In his new novel, James Purdy stands once again on his Midwestern home ground in the '20s, writing in his personal blend of surface realism, hilarious burlesque and flashes of divine magic to explore two of his obsessive themes: the blood forces of generations and the mutual needs of a father and a son.
The town of Yellow Brook, numbering about 5,000, lies some distance from Chicago. Its apparent calm is disturbed after the end of World War I when Decatur, a full-blooded Ojibwa Indian, returns to prowl about its environs, using his mustering-out pay to collect classic cars and empty old houses. In 1912, when Decatur was only 15, he had lied to the recruiting sergeant about his age and joined the Army. Now he circles the area, gradually closing in on the town's schoolhouse. Finally he enters it and asks his former teacher, Bess Lytle, which is Chad Coultas' seat in the classroom.
The Coultases are the town's leading family, though they are now nearly penniless; for Lewis Coultas has shown something like genius in squandering his mother-in-law's fortune and now rarely returns to visit his family. His wife, Eva, often in a laudanum haze, solaces herself with the company of her daughter, Melissa, and her black-haired son, Chad.
Decatur gets into the habit of waiting outside the school under an elm in one or another of his autos, and talks to Chad, inviting him to ride. Sometimes they simply chat and sometimes they go roaring off in one of Decatur's restored motor cars, such as his elegant Stutz. The genteel surface of Yellow Brook cracks as Chad's classmates begin to badger him about his one blue and one black eye, and finally shatters when Chad rides off with Decatur on a trip that crosses a state line, bringing charges of kidnaping against Decatur. Bess Lytle, the voice of town justice, remembers the rumor that there is Indian blood in Eva's family. When Lewis Coultas shows up and asserts himself by taking Chad off to Chicago, the narrative shifts into riotous farce, with Hogarthian scenes of naked lust, an aged Dickensian detective jotting down "particulars" as he keeps an eye on his new young wife and his husky chauffeur cuckolding him, and a lusty pair of jewel thieves, Minnie and Cora, who generously satisfy Lewis' financial and sexual needs.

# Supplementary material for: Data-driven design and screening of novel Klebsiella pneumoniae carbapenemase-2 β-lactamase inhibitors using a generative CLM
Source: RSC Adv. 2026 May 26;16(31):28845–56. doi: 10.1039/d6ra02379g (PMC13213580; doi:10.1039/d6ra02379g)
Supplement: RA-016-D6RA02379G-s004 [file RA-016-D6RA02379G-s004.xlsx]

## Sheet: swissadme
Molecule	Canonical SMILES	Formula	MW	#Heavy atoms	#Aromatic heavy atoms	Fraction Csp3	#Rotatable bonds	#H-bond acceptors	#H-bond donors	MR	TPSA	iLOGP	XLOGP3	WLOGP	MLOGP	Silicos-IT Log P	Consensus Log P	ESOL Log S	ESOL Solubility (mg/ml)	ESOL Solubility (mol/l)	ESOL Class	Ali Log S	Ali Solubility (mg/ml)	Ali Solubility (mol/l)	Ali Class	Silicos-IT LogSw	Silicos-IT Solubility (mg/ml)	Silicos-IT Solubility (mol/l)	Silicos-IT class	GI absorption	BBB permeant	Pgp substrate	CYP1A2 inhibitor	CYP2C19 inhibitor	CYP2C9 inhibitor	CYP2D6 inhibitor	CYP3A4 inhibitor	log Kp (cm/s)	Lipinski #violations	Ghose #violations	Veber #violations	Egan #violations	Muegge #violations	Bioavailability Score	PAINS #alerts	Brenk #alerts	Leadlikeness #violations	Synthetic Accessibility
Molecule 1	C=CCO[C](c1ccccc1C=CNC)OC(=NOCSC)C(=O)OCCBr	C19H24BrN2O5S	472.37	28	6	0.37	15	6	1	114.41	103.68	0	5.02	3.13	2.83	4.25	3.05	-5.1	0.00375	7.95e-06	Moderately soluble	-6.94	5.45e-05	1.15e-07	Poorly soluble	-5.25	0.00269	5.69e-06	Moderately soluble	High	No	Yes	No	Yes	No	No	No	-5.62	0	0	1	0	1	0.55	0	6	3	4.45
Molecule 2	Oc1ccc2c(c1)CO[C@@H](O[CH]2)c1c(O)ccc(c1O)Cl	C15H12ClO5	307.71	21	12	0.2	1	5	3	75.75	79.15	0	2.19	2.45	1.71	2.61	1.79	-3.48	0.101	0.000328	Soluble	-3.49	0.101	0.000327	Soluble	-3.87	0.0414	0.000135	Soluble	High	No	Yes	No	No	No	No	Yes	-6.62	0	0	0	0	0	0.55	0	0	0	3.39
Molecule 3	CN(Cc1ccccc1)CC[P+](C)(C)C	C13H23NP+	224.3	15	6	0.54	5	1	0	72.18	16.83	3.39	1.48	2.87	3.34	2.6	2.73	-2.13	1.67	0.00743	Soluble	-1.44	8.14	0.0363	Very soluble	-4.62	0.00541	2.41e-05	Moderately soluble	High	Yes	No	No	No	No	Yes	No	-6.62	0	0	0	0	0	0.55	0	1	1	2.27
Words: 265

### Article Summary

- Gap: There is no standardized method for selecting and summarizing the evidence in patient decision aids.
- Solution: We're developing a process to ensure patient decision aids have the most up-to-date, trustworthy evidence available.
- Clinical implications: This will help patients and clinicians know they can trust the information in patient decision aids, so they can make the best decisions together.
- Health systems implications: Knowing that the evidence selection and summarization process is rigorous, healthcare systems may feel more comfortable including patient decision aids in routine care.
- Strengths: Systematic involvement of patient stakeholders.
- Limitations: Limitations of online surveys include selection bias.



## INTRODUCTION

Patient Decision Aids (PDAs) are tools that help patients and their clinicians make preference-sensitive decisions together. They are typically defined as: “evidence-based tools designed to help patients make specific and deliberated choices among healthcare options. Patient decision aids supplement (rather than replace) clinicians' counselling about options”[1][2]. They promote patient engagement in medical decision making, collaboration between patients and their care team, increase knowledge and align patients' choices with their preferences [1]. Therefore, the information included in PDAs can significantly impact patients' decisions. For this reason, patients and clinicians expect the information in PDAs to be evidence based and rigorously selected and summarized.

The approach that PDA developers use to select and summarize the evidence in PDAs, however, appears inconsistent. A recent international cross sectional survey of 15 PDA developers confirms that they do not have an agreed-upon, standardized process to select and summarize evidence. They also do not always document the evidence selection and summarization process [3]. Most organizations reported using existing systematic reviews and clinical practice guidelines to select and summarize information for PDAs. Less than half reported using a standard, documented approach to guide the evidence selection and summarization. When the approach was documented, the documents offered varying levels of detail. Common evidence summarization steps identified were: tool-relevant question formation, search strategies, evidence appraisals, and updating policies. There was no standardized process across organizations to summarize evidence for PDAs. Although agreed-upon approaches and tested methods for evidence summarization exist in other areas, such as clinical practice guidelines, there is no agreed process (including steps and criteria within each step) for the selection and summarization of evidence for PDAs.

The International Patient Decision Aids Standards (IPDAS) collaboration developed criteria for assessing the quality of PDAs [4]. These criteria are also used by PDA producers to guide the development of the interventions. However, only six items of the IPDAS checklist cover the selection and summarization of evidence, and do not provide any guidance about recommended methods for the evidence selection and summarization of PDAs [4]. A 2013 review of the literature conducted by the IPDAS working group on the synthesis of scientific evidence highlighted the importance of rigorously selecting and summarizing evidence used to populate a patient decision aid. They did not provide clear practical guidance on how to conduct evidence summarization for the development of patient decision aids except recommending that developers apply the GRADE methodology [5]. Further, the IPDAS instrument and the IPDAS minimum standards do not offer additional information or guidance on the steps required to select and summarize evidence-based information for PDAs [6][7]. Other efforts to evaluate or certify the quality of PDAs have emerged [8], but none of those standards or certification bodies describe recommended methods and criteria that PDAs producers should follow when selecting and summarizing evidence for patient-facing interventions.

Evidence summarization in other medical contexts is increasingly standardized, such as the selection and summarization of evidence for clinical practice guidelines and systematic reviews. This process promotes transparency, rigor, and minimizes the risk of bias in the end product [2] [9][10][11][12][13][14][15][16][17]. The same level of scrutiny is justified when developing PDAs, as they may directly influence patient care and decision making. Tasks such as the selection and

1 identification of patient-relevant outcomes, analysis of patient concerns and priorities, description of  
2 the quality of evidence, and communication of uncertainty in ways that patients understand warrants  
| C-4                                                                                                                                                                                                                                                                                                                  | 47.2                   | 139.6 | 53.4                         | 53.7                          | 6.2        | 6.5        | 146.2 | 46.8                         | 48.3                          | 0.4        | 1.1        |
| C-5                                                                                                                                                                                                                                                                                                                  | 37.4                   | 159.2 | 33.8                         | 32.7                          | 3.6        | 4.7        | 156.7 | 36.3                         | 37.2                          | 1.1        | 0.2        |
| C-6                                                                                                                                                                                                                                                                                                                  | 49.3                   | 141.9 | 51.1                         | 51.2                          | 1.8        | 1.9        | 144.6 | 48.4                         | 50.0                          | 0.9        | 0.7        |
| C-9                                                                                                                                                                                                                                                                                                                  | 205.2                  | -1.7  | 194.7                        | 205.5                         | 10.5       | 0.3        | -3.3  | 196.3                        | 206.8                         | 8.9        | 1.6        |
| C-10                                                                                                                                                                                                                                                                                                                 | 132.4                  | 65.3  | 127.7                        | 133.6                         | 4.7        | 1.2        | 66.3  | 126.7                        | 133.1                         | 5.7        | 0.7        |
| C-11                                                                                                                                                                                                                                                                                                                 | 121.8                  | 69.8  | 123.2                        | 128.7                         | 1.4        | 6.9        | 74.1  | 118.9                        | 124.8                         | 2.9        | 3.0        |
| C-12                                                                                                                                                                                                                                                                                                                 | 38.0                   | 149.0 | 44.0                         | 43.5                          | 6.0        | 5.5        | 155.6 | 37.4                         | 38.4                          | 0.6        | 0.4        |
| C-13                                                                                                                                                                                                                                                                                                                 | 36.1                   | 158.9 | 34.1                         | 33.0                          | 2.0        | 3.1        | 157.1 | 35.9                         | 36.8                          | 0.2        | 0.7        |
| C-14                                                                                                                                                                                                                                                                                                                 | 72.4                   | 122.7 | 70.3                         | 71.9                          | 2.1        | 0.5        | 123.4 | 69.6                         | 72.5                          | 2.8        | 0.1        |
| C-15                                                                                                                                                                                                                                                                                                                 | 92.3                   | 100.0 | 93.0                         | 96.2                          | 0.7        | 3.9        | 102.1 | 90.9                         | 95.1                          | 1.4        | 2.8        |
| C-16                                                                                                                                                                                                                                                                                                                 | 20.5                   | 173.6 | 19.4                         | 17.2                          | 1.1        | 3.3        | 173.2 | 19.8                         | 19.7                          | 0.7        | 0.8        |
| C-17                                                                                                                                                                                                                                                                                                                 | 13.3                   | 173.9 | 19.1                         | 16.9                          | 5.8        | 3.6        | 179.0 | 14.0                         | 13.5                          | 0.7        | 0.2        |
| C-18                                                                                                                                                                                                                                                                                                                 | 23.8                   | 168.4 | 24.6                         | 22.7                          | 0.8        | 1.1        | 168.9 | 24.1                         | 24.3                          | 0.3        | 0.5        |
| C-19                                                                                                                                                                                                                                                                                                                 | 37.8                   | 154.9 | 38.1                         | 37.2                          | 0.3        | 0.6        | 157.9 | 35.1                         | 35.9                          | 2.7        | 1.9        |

Chad, escaping, moves under the protection of an unseen god, and heads for home, surviving one adventure after another as he makes his way through the gangster violence of Prohibition days, taking an occasional sip from a bottle of his mother's elixir. By the time he gets back to Yellow Brook, the town feels called upon to give him some kind of welcome, but the odd ceremony takes on its own life and dissolves as Chad, clear-eyed at last, sees Decatur making an entrance that leads to their joint exit.
That Purdy's view of American life--loveless, hypocritical, money-grubbing--has undergone little change over the years seems obvious. The particular attraction of "In the Hollow of His Hand" lies in the transformation of possible tragedy into comedy and the suggestion that something beyond either may--just may--be realized; for in scene after scene, hallucinatory or real, Purdy's characters either strip themselves or are stripped to their essential nakedness and truth.